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Dallas Keuchel (pronounced Kik-ill) stands 6'3”, weighs about 210 lbs, throws left-handed and was a 7th round selection out of the University of Arkansas. Now 26 years old, he had two brutal season for the Astros in 2012 and 2013 before exploding on the scene in 2014. If you just look at Keuchel's 2014 numbers you will be impressed. There’s no disputing that. The question that we must address in this Player Profile is whether or not he' going to be able to keep this up over the course of 30 starts in 2014? Let's take a look at his minor league development before moving to the big league numbers as we try to explain the quantum leap his production has taken in year three.
During five minor league seasons, spanning 81 starts and 83 total outings, Dallas was very unimpressive. Dallas was under .500 at 26-29. His ERA was 3.74. His WHIP was 1.23. He allowed more hits than innings (503 in 493). He failed to strike out six batters per nine. He did a good job walking less than two per nine but, honestly, about his only outstanding trait was his ability to limit the free pass. That's it.
As a rookie Keuchel went 3-8 with a 5.27 ERA, 1.55 WHIP, 4.01 K/9 mark and a ghastly 0.97 K/BB ratio over 85.1 innings. He was a mess.
In his second season, 2013, well, he was still a mess. Dallas went 6-10 with a 5.15 ERA and 1.54 WHIP. He did up his K/9 rate to 7.20 while cutting the walks leading to a slightly better than average 2.37 K/BB ratio.
Here are the numbers through two seasons and 239 innings pitched. They are ugly.
9-18, 5.20 ERA, 1.54 WHIP, 6.06 K/9, 3.43 BB/9, 1.77 K/BB, 10.43 H/9
Nothing redeeming there, at all. Not even close.
2014 stats: 5-2, 2.92 ERA, 1.05 WHIP, 8.03 K/9, 1.75 BB/9, 4.58 K/BB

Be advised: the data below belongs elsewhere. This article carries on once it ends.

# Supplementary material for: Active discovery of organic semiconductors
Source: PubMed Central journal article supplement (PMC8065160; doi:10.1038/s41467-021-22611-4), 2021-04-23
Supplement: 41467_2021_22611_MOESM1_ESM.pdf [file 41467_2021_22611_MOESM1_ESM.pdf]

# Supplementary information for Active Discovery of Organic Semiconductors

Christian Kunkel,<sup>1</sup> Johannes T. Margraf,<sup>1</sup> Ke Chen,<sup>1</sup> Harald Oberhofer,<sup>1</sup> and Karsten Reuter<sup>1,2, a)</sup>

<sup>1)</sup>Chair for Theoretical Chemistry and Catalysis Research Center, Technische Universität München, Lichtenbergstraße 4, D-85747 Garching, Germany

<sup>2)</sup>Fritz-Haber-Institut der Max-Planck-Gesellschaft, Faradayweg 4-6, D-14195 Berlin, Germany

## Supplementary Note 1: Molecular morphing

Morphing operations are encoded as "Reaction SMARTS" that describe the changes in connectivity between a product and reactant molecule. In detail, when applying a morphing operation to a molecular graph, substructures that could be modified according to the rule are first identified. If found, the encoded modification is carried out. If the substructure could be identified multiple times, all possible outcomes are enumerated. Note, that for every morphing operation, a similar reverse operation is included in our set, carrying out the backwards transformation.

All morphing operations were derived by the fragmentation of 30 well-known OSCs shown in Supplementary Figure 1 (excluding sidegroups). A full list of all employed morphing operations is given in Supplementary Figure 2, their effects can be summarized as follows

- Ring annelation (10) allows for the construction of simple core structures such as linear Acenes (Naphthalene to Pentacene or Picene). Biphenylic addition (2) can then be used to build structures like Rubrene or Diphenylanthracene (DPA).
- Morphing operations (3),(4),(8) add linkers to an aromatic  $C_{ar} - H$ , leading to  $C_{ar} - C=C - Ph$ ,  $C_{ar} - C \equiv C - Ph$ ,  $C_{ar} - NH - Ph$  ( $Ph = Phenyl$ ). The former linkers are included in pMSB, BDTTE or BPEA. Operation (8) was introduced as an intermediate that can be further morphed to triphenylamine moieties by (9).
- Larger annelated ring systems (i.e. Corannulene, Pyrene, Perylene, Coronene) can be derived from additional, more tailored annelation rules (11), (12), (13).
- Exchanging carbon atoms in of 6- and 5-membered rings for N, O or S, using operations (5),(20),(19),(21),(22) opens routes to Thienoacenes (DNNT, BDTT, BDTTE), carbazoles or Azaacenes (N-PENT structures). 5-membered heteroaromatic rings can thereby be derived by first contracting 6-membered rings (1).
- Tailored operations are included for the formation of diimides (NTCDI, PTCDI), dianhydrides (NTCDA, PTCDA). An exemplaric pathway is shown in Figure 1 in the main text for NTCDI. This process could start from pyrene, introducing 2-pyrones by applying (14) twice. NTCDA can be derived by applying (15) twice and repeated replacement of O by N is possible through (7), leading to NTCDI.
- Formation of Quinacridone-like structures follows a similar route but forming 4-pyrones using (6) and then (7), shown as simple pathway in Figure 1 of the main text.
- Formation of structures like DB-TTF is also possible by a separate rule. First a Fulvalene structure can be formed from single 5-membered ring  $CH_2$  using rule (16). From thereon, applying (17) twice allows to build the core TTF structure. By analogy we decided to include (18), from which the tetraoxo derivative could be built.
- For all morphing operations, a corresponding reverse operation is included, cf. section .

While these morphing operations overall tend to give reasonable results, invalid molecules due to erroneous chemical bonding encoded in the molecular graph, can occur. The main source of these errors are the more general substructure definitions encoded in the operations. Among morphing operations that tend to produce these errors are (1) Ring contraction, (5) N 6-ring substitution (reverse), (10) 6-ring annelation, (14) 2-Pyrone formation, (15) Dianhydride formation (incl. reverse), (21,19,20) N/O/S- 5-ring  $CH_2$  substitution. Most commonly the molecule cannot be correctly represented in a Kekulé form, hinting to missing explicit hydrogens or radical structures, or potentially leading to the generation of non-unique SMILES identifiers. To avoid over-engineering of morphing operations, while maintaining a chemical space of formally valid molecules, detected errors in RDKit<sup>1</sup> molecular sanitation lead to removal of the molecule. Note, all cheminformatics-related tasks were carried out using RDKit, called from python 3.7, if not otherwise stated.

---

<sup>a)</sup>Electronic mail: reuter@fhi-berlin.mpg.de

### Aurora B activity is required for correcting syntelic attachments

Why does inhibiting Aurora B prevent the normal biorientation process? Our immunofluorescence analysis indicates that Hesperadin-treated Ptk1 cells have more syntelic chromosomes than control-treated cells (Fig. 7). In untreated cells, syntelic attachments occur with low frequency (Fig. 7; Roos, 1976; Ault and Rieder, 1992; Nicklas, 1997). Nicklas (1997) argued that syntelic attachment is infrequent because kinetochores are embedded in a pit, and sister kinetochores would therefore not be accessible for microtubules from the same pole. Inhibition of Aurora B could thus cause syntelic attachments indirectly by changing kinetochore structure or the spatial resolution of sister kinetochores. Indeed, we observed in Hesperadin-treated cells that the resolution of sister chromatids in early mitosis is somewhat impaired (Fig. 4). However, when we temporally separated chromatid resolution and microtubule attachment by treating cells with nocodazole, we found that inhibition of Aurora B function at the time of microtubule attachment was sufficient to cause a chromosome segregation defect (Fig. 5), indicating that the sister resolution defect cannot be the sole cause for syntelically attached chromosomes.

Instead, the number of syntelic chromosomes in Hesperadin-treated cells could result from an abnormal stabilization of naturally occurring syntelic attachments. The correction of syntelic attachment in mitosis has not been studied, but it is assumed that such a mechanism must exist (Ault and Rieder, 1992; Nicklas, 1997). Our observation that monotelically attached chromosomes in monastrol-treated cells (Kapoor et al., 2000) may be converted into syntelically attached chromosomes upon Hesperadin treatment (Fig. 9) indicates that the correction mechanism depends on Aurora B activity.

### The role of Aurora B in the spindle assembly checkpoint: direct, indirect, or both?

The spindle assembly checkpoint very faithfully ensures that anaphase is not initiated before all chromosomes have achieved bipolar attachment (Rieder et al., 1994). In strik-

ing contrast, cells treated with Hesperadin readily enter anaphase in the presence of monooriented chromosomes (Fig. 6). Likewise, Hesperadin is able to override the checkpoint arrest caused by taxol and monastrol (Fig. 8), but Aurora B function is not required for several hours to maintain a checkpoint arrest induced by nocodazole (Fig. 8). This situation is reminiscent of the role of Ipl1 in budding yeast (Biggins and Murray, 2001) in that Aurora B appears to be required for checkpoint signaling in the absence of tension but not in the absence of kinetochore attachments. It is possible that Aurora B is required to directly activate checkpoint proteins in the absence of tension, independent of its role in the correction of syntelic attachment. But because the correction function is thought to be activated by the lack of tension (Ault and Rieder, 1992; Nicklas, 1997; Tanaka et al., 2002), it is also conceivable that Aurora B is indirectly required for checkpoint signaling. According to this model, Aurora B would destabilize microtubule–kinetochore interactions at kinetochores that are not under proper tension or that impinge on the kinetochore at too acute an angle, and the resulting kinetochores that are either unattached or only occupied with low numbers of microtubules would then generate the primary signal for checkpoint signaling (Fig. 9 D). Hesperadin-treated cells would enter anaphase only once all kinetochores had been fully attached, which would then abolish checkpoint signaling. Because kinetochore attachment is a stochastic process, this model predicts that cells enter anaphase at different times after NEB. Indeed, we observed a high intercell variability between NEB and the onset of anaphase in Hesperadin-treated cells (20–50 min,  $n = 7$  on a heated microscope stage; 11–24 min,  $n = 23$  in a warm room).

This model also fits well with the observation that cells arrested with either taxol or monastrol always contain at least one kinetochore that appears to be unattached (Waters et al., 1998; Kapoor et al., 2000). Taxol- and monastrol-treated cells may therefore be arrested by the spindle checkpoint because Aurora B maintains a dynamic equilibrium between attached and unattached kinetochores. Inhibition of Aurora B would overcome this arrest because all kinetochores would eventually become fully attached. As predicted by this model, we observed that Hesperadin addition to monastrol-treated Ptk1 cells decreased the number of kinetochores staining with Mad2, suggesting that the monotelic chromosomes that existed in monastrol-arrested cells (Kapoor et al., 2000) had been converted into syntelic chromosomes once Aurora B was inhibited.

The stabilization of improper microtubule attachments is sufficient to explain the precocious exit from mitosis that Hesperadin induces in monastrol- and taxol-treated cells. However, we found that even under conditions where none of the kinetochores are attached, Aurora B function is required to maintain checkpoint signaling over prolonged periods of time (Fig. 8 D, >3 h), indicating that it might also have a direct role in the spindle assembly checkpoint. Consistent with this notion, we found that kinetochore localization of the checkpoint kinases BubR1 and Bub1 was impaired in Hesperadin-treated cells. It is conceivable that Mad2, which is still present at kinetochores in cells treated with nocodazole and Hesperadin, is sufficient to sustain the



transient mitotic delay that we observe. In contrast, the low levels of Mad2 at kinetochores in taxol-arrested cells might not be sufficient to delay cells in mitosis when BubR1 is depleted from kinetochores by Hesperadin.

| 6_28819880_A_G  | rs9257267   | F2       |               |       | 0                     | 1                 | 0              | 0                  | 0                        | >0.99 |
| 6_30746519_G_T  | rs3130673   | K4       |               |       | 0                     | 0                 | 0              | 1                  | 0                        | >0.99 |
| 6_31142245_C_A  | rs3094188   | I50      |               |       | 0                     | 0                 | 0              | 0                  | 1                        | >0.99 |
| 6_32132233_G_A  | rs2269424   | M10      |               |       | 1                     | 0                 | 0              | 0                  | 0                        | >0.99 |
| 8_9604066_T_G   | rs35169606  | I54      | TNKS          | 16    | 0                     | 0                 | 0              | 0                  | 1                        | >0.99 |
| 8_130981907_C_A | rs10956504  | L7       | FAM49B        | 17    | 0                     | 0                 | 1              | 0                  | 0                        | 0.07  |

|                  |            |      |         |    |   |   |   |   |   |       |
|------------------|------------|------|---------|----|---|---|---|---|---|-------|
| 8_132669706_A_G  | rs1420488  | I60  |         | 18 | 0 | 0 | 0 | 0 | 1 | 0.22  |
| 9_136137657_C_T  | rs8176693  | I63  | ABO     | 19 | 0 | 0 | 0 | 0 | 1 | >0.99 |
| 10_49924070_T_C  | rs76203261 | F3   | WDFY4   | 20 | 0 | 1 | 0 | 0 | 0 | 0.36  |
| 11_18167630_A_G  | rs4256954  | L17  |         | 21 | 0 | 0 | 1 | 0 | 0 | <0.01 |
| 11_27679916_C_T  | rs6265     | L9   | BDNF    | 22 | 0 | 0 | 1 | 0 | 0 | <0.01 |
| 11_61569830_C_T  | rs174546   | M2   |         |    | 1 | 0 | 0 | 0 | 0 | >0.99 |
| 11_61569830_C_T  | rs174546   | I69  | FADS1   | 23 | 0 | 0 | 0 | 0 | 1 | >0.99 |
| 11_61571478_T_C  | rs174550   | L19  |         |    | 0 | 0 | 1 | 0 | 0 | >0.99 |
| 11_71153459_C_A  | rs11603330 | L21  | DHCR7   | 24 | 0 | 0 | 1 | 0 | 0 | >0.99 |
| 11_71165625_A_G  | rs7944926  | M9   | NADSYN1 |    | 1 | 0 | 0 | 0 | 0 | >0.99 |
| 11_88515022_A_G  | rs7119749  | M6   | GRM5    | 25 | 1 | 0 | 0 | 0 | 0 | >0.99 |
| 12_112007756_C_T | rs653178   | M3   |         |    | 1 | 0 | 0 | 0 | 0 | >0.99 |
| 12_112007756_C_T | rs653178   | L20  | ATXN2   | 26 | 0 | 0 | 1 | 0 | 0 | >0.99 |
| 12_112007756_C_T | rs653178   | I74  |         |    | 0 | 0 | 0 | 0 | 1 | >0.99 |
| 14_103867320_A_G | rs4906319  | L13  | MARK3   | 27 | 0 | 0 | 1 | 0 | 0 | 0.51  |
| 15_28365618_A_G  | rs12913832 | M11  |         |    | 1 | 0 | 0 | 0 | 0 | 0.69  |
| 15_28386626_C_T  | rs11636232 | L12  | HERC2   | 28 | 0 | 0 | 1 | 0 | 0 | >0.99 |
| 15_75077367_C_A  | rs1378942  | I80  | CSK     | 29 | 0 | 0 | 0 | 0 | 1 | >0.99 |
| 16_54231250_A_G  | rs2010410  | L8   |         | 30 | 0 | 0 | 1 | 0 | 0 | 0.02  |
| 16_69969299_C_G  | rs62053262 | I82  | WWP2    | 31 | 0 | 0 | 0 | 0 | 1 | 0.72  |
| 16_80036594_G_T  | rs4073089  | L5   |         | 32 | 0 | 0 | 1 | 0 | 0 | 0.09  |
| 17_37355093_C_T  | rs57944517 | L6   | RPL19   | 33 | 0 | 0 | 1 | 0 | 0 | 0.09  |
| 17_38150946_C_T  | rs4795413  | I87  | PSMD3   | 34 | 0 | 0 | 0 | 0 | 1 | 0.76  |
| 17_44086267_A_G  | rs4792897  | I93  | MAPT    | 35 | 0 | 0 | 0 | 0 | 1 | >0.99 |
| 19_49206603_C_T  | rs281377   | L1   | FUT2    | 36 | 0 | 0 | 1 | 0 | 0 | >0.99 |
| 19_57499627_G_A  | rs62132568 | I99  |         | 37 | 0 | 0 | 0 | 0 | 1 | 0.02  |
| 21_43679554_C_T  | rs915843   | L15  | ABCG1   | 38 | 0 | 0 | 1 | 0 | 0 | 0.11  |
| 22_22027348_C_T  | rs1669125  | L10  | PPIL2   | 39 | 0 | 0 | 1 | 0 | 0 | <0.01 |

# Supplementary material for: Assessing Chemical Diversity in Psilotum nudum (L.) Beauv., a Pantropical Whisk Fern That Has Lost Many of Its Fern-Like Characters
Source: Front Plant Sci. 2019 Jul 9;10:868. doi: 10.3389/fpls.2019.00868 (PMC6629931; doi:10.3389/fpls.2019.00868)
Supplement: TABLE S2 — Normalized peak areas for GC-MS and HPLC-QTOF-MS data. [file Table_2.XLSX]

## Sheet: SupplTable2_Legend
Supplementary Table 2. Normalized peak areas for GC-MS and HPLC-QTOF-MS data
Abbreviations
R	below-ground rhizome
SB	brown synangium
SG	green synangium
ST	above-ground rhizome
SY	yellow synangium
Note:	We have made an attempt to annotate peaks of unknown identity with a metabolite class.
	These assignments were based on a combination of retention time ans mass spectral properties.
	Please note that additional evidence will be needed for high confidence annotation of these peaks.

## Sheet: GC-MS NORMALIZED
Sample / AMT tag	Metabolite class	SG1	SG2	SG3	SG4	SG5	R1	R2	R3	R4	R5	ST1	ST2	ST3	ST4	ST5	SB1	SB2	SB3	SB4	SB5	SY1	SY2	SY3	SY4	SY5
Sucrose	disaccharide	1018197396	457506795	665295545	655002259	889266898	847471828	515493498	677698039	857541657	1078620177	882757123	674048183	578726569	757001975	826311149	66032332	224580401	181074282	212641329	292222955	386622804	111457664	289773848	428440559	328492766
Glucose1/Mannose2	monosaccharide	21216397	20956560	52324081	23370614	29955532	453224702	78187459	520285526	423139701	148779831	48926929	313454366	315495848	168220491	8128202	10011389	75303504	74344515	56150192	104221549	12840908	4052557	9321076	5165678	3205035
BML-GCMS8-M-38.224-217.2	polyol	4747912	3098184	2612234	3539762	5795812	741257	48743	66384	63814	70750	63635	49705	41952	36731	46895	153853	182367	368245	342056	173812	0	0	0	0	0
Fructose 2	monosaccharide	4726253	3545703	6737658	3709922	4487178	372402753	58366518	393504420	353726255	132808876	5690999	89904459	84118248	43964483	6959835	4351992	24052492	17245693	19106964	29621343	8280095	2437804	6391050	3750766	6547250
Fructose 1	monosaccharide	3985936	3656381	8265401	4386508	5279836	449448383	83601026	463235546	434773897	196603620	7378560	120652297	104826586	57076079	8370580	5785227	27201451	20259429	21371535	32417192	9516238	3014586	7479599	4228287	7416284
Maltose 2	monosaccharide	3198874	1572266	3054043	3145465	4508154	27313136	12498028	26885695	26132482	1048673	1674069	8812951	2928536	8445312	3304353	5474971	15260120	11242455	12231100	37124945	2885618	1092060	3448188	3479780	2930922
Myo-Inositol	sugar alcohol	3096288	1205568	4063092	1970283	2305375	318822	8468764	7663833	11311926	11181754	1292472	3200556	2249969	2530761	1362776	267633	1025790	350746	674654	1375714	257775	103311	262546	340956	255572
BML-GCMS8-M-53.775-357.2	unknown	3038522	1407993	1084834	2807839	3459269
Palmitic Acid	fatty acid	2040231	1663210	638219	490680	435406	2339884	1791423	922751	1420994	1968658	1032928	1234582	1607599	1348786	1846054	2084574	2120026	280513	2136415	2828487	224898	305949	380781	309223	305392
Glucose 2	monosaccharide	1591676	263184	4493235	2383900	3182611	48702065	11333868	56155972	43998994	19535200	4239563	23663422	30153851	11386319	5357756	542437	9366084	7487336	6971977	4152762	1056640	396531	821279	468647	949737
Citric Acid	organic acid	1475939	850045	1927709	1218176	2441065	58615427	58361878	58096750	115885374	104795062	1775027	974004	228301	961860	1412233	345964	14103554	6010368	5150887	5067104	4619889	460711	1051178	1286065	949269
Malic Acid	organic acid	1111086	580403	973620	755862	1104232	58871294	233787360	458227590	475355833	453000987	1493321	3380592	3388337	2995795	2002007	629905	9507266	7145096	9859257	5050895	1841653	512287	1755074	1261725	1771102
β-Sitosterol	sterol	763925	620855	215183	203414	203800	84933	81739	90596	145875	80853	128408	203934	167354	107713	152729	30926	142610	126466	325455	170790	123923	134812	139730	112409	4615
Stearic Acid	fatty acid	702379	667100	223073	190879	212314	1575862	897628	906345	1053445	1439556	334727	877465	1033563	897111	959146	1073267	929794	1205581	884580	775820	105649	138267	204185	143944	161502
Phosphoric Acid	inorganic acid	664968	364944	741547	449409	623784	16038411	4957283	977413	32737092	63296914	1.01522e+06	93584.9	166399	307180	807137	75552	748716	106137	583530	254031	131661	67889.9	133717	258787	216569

He has a 20.2 scoreless innings streak which is the longest Astros starter since Roy Oswalt in 2008 (32.1 innings).
He's worked 8-straight games of at least six innings and seven of those outings have been “quality” starts.
He's a completely new man. And that's part of the problem.
Keuchel was a decent minor league performer who kept the ball on the ground and didn't walk anyone. His first two season in the bigs he was an impressive ground ball arm but he walked too many and the results were disastrous. In year three he's a pitcher he's never been before.
Remember when I noted that Dallas had a bad K/9 mark? His minor league career that number was 5.9. In his first two seasons with the Astros that number was 6.06. That's literally 130 professional outings with a mark of six per nine. Do you really think the 8.03 mark he's posted in nine starts this year is who he is? I don't.
Could he maintain a sub 2.00 BB/9 mark? While it's dangerous to expect any hurler to do that, the fact is that he did during his minor league career so it's more likely this level continues than the K-rate.
A 54 percent ground ball arm his first two years in Houston, an elite mark by the way (Justin Masterson led baseball last year at 58 percent), Keuchel currently has a 67.7 percent rate. That's simply unsustainable. Period. No analysis is needed. It would be a shock if he finished the year above 60 percent. This, even for him, extreme level of grounders has also helped him to cut his 1.28 HR/9 mark his first two seasons by more than half down to 0.58. Is it likely he maintains his current pace? Possible but not likely.
After allowing a line drive rate of about 19.5 percent his first two seasons (a league average level) the mark has dropped to 12.6 percent this year. Again, a totally unsustainable rate (Stephen Strasburg led all starters last season at 17.5 percent).
It's also rather unlikely that after batters made contact on about 84 percent of all their swings that last two years that he's going to be able to maintain his current 75 percent mark.
Dallas Keuchel has been a fantasy star to this point. As a waiver-wire pickup in 99 percent of leagues, if he were to tank in his next start you've already gotten your money's worth.
The problems with Keuchel are many.
He wasn't an elite prospect.
His minor league numbers are in no way indicative of the level of production we are seeing.
His current major league numbers are in no way indicative of the level of production we witnessed in his first two years in the bigs.
He's never shown the ability to strike batters out like he currently is.
Batters will most likely begin to make more contact soon
It's debatable whether or not his walk rate will rise a bit.
There's no way his ground ball rate will remain so high.
There's no way his line drive rate will remain so low.
It's unlikely that his HR/9 stays so low.
Short-term you ride Keuchel for all he's worth – he's one hot tamale right now. Long term he profiles way more like Tim Hudson than Felix Hernandez, so don't get caught with your hand in the cookie jar.